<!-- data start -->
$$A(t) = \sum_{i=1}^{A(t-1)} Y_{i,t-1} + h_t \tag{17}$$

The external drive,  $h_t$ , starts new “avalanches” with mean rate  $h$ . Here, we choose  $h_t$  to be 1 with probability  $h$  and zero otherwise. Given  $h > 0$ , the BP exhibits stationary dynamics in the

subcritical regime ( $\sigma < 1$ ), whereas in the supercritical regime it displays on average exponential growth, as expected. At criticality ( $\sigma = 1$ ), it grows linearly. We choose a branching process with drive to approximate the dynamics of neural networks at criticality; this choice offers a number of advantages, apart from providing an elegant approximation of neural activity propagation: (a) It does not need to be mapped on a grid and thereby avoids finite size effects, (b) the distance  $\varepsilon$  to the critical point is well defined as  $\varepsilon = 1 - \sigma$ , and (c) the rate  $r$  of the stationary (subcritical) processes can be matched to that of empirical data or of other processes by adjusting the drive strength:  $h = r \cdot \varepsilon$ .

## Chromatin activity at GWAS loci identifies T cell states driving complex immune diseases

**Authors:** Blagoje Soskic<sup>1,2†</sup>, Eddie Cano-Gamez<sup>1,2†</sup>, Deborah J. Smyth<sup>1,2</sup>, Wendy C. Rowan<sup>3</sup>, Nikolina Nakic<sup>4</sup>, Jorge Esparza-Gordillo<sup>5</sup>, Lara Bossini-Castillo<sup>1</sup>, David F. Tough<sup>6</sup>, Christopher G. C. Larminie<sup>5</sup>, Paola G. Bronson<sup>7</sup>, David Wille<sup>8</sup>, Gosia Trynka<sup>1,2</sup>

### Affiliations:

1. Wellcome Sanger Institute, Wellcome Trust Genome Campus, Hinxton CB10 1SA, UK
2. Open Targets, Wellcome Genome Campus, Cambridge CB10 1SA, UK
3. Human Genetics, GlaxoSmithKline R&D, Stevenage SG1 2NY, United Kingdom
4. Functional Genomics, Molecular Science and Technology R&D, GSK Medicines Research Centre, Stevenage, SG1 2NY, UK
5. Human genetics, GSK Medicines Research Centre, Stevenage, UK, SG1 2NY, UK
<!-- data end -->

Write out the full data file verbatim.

$$A(t) = \sum_{i=1}^{A(t-1)} Y_{i,t-1} + h_t \tag{17}$$

The external drive,  $h_t$ , starts new “avalanches” with mean rate  $h$ . Here, we choose  $h_t$  to be 1 with probability  $h$  and zero otherwise. Given  $h > 0$ , the BP exhibits stationary dynamics in the

subcritical regime ( $\sigma < 1$ ), whereas in the supercritical regime it displays on average exponential growth, as expected. At criticality ( $\sigma = 1$ ), it grows linearly. We choose a branching process with drive to approximate the dynamics of neural networks at criticality; this choice offers a number of advantages, apart from providing an elegant approximation of neural activity propagation: (a) It does not need to be mapped on a grid and thereby avoids finite size effects, (b) the distance  $\varepsilon$  to the critical point is well defined as  $\varepsilon = 1 - \sigma$ , and (c) the rate  $r$  of the stationary (subcritical) processes can be matched to that of empirical data or of other processes by adjusting the drive strength:  $h = r \cdot \varepsilon$ .

## Chromatin activity at GWAS loci identifies T cell states driving complex immune diseases

**Authors:** Blagoje Soskic<sup>1,2†</sup>, Eddie Cano-Gamez<sup>1,2†</sup>, Deborah J. Smyth<sup>1,2</sup>, Wendy C. Rowan<sup>3</sup>, Nikolina Nakic<sup>4</sup>, Jorge Esparza-Gordillo<sup>5</sup>, Lara Bossini-Castillo<sup>1</sup>, David F. Tough<sup>6</sup>, Christopher G. C. Larminie<sup>5</sup>, Paola G. Bronson<sup>7</sup>, David Wille<sup>8</sup>, Gosia Trynka<sup>1,2</sup>

### Affiliations:

1. Wellcome Sanger Institute, Wellcome Trust Genome Campus, Hinxton CB10 1SA, UK
2. Open Targets, Wellcome Genome Campus, Cambridge CB10 1SA, UK
3. Human Genetics, GlaxoSmithKline R&D, Stevenage SG1 2NY, United Kingdom
4. Functional Genomics, Molecular Science and Technology R&D, GSK Medicines Research Centre, Stevenage, SG1 2NY, UK
5. Human genetics, GSK Medicines Research Centre, Stevenage, UK, SG1 2NY, UK